Just because you cannot see my pain doesn’t mean I have to validate its existence to you. I don’t owe anyone proof or an explanation of my pain. If they doubt its existence that is on them, not me. What I do need to do is manage my pain to live the best life that I can with it. And that is a damn hard job to do. Chronic pain is very difficult to manage and with comorbid depression, I have a bit of a battle on my hands the best of times. I generally don’t care to explain that battle. I generally don’t care to express it. Or share it. And I don’t have to. We have a select few who truly matter that may get a window into our existence that really matters. The rest? We owe them nothing.
Coping is a deeply difficult journey that we are on. I doubt anyone can comprehend it that hasn’t experienced it. It is not just that it affects every aspect of our lives, all the people in our lives but it changes who we are as well. It is also something we have to Live with. It actually never stops. And accepting that fact is also extremely difficult. We all want a cure, but we have to accept that realistically it is in our best interests to pursue the most improvement we can. Live the best life we can. Knowing that might mean compromises we never wanted to make.
We do not need to justify our compromises we have made for our health. Or the medications we need to take to manage our pain. The life changes we have done to help us manage our health. Or the fact that no matter what we have done to help with our pain management we still have significant pain, just perhaps less suffering. When a medical professional calls you a drug seeker who really is at fault there? You for having a medical need and a legal prescription for medical pain management? Or the medical professional for judging you on your disability? What about the person calling someone disabled lazy for not working? Do they comprehend the compromises someone has to make due to pain? No. Do you owe these people explanations? Do you have to actually validate and justify your pain to them as if you should feel in the wrong, guilty and ashamed for being chronically ill and in pain? Hell no.
You can and should oppose stigma in all its forms but never feel like you have to actually validate your personal experience. Your pain is real. You have to endure it every single day. You have to cope with it and figure out how to manage it. You have to deal with medical professionals that don’t ‘get it’. You have to figure out if you can work or work from home, or part-time or not at all… and have the consequences of that. You are the one doing every single thing from supplements to exercise to help manage your condition. When you say my pain is an 8, it is a bloody 8… on your relative pain scale of what an 8 means, and considering you have chronic pain that generally means pretty effing high. And if someone says to you ‘But you did such and such yesterday why can’t you do such and such today?’ you can look them in the eye and say ‘I don’t need to validate my pain to you but just because it was bloody freezing out yesterday doesn’t mean it is going to be bloody freezing out today. You know why? Because temperature varies. Like pain does. But you know what? Still a goddamned cold winter.’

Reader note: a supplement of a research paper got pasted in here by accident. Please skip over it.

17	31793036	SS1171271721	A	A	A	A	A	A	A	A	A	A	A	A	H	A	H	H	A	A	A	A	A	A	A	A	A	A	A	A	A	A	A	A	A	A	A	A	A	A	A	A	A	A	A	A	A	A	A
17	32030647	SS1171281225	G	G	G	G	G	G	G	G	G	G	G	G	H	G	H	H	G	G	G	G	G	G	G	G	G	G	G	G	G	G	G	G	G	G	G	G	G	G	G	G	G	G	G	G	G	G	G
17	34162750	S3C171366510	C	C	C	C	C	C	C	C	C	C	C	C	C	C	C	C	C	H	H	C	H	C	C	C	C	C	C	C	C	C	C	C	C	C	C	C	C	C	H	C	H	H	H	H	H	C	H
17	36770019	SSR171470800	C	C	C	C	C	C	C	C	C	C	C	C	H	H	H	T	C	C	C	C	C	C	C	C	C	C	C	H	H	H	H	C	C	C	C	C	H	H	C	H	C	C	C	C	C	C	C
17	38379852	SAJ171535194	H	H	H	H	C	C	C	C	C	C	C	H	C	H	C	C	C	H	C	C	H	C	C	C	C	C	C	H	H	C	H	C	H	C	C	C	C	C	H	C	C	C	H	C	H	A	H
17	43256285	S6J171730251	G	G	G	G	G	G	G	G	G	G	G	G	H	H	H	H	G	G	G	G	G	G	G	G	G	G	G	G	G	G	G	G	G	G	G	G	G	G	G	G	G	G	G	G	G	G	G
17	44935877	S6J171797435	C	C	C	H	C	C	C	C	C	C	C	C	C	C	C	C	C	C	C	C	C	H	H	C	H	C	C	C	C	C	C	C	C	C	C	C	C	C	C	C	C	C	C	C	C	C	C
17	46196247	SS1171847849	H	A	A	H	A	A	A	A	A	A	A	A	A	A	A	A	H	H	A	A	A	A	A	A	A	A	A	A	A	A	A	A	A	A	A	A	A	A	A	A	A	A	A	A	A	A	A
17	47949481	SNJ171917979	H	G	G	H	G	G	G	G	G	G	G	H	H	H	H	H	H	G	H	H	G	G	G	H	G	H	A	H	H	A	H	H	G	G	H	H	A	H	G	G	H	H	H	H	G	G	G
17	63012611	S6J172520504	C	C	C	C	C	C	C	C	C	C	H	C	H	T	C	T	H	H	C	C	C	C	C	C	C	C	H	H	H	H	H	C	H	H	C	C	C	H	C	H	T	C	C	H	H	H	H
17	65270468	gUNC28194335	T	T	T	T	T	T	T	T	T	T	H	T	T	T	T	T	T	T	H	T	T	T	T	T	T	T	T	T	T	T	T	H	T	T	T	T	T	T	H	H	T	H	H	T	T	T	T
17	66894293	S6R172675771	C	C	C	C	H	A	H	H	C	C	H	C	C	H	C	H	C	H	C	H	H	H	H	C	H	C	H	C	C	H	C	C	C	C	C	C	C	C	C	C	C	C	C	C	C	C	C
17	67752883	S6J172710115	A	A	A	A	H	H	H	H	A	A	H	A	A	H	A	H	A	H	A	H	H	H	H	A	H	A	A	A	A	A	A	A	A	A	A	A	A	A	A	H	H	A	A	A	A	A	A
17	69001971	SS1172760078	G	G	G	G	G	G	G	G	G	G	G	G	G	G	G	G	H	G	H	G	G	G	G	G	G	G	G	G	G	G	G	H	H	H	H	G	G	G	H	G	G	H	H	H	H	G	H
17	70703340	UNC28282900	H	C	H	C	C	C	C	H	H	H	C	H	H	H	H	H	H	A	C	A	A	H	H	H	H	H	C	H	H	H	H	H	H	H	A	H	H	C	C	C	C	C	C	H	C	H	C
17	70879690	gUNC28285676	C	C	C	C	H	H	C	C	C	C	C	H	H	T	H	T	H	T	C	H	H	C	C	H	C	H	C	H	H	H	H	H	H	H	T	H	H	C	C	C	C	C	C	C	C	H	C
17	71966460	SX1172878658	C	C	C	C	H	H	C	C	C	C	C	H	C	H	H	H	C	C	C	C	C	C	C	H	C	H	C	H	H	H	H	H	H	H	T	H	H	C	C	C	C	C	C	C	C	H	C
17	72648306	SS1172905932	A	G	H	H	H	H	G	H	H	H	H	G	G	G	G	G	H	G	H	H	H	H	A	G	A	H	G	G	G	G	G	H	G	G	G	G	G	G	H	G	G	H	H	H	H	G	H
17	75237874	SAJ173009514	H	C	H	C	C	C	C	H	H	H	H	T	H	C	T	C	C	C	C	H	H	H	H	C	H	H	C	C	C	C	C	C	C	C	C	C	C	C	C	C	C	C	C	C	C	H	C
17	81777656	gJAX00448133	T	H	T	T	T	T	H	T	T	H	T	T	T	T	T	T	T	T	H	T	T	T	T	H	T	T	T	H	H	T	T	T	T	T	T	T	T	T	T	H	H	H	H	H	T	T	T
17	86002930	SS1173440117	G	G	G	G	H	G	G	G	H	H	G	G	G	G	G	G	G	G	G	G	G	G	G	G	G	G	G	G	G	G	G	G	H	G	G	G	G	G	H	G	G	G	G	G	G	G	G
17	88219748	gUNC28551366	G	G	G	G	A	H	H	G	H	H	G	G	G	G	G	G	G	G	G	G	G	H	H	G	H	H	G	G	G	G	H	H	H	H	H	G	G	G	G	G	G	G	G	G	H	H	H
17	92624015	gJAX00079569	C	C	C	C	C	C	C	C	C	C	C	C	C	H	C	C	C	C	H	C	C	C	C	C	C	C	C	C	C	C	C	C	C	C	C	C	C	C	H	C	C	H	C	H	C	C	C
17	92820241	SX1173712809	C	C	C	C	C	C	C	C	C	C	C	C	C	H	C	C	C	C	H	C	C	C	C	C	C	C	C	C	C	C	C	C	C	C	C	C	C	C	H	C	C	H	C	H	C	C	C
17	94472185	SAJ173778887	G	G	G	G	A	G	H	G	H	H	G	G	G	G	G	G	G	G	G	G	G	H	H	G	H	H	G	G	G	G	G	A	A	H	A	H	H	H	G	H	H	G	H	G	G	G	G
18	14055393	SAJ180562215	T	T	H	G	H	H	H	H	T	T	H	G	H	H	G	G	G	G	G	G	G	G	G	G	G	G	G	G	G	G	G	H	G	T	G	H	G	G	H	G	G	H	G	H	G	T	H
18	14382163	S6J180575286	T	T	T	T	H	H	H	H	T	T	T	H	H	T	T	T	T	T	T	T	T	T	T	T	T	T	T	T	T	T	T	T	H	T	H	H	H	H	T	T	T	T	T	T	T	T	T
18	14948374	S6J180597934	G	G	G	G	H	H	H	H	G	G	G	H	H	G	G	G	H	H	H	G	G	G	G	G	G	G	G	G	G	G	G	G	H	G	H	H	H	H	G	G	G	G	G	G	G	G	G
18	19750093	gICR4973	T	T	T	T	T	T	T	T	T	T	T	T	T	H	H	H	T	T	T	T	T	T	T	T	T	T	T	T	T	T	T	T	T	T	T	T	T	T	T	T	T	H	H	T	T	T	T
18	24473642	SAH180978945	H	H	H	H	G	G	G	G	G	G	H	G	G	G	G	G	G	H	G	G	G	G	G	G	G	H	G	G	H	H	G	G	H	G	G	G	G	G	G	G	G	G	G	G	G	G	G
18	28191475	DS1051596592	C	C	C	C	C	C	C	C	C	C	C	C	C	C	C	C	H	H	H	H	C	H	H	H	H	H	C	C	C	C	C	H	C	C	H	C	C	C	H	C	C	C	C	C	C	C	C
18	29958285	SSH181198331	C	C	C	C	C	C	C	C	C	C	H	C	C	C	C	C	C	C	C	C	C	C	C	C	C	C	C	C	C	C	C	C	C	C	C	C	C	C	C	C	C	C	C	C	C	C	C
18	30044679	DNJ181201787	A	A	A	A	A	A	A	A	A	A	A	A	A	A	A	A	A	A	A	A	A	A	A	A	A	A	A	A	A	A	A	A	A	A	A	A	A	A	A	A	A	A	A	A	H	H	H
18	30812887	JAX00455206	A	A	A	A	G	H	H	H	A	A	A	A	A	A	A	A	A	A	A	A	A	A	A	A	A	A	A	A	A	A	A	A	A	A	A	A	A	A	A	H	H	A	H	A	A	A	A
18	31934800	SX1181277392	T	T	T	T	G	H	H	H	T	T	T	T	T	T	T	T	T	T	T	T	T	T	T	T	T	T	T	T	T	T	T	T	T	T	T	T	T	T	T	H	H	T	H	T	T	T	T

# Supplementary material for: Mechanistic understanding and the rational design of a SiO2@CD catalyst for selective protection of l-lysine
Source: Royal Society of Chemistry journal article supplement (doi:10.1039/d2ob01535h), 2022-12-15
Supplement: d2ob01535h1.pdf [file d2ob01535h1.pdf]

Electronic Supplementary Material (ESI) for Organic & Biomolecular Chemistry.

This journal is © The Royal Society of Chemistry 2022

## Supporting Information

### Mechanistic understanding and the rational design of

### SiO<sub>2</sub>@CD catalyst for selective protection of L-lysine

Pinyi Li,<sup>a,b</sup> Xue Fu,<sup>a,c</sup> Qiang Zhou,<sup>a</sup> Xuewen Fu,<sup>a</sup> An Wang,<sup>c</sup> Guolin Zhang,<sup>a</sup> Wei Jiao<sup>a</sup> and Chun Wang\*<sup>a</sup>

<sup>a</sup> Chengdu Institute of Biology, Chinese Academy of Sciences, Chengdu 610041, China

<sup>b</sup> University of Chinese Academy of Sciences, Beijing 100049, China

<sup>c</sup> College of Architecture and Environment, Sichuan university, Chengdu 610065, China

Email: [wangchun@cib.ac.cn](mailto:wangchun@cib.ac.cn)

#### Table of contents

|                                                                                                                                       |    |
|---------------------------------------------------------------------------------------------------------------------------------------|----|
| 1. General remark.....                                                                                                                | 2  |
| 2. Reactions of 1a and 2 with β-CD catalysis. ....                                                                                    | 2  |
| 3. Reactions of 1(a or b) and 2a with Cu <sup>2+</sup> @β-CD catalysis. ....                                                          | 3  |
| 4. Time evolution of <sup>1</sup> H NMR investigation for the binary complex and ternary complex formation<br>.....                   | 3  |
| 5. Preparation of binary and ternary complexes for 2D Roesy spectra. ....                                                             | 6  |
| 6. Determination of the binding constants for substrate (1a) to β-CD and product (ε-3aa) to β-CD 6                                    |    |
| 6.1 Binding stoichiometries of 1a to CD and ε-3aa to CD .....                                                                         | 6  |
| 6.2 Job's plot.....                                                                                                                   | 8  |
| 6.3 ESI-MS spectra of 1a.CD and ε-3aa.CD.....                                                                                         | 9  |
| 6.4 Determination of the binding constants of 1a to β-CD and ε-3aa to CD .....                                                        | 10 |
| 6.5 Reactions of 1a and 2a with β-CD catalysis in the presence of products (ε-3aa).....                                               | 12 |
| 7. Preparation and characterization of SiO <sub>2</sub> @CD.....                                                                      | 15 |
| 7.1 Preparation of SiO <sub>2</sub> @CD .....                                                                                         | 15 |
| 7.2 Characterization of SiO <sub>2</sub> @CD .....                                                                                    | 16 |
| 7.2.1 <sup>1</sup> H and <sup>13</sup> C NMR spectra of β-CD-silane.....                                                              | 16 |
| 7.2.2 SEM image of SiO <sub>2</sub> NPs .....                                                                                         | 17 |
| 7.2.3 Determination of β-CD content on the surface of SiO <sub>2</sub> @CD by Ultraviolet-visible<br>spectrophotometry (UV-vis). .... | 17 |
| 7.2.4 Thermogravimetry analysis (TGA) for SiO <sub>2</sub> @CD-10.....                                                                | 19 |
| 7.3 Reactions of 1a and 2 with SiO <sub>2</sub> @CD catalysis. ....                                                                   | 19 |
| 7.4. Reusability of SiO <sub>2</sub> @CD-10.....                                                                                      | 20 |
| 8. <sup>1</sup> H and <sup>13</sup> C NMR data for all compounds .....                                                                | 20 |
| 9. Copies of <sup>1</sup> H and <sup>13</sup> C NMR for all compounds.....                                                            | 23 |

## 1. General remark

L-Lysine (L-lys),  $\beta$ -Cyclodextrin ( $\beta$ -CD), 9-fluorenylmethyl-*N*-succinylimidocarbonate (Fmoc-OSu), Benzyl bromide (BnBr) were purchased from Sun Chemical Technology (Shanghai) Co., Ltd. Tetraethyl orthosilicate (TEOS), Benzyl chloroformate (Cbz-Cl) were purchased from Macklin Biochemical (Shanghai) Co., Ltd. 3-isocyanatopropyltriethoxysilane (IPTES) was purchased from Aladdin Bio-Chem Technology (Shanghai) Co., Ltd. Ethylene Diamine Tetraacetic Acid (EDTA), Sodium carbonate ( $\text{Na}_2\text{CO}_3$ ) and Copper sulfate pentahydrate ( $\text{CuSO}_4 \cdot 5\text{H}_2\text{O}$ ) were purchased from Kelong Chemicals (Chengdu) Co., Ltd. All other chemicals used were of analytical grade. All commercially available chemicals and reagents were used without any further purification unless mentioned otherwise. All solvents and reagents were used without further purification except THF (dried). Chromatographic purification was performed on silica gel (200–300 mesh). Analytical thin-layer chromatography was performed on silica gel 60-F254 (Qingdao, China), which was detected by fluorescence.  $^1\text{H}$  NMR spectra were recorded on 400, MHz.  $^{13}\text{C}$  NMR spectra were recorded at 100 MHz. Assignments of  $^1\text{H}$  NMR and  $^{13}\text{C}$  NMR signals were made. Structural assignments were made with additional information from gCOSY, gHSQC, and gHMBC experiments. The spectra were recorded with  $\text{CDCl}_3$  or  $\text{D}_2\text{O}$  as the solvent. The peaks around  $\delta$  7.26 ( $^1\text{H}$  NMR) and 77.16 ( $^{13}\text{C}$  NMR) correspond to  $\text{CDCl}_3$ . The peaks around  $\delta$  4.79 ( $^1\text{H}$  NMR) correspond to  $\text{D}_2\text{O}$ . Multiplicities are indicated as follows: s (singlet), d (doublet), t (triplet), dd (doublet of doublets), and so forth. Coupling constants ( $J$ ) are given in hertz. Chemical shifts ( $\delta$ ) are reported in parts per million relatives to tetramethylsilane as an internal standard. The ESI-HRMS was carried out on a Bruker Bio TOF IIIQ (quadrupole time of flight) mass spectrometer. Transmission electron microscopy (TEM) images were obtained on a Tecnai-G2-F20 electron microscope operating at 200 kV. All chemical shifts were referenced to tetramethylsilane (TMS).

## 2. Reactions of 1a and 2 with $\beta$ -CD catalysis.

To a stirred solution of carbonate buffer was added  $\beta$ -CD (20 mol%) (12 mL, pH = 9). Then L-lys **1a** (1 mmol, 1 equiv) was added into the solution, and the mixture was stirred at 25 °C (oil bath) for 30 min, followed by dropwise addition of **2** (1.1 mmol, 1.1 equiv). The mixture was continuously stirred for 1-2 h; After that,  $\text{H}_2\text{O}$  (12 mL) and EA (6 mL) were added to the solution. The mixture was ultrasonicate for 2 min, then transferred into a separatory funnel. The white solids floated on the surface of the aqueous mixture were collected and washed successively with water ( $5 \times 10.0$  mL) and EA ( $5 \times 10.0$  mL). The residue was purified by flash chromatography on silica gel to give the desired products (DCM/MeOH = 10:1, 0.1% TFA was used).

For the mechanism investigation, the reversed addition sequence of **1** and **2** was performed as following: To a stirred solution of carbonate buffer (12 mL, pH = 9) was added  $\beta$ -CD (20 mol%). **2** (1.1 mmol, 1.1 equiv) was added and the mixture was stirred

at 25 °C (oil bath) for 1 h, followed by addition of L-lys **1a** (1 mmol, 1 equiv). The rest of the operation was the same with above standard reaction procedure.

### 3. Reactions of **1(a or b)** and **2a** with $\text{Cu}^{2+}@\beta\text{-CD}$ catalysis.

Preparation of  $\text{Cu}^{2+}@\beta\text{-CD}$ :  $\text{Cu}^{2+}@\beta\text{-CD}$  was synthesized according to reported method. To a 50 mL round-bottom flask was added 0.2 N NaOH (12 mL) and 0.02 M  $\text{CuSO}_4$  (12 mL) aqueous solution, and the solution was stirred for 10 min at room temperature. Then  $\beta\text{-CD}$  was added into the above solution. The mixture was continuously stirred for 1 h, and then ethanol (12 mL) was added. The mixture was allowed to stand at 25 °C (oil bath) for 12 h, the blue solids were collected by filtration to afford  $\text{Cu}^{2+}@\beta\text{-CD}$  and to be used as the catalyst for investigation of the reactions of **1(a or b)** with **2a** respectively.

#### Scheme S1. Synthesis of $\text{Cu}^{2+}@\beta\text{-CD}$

Fact is we are often treated poorly in the pain community. But who lives our lives? We do. And damn sometimes our perseverance astonishes me. I know I have almost died from this pain and depression, because, clearly it isn’t an easy battle… but just living this life is endurance on an epic scale. I myself am a combination of strength and weakness when it comes to pain. Of self-loathing and determination. Facing stigma and self-imposed stigma. I owe no one an explanation of my pain but I owe my survival to more people than I can count. We should be made to feel ashamed, guilty or weak for having chronic pain. Or ashamed for the medications we take. Or shamed by other because of our medications. We should feel every single day we are living despite the pain or with the pain… and that isn’t weak, there is no damn shame there and certainly no guilt.
Just a week ago I went to the ER for a status migraine. And the doctor believed my pain and treated it extremely well. This was a unique and odd experience for me. Usually, they give me an odd look when I tell them I cannot take NSAIDs due to a reaction I had to Toradol… a look that suggests I am seeking other meds, like opiates, instead of stating a fact. Usually, they don’t bother with me at that point. Offer some T3s, which I can take in minimal amounts but do not help with a status migraine. I had also gone to the ER months ago for a condition that was causing swelling around the tissue of the heart, I wanted to check into it due to some erratic heart rhythms. Due to my history they depression and suicide attempts… he did nothing and told me I had anxiety. So mental illness stigma is another facet I have dealt with as well. I have to wonder if I should now bring someone like my mother to the ER with me to be my advocate since these doctors seem to be so hit and miss. But that first example is what it should be. I am in pain. They do a neuro exam. Ask about my pain. Confirm. Find a treatment. Treat.
Own your pain. Confront stigma when you see it. Confront your own self-imposed sigma when you find it within you. Just don’t validate your pain to anyone. It is your existence and experience that you have to live through, not them. Open up to those that matter, like loved ones and family and friends. Be clear and concise with medical professionals and insurance companies about the impact of the pain on you and hope they comprehend the pain you exist with.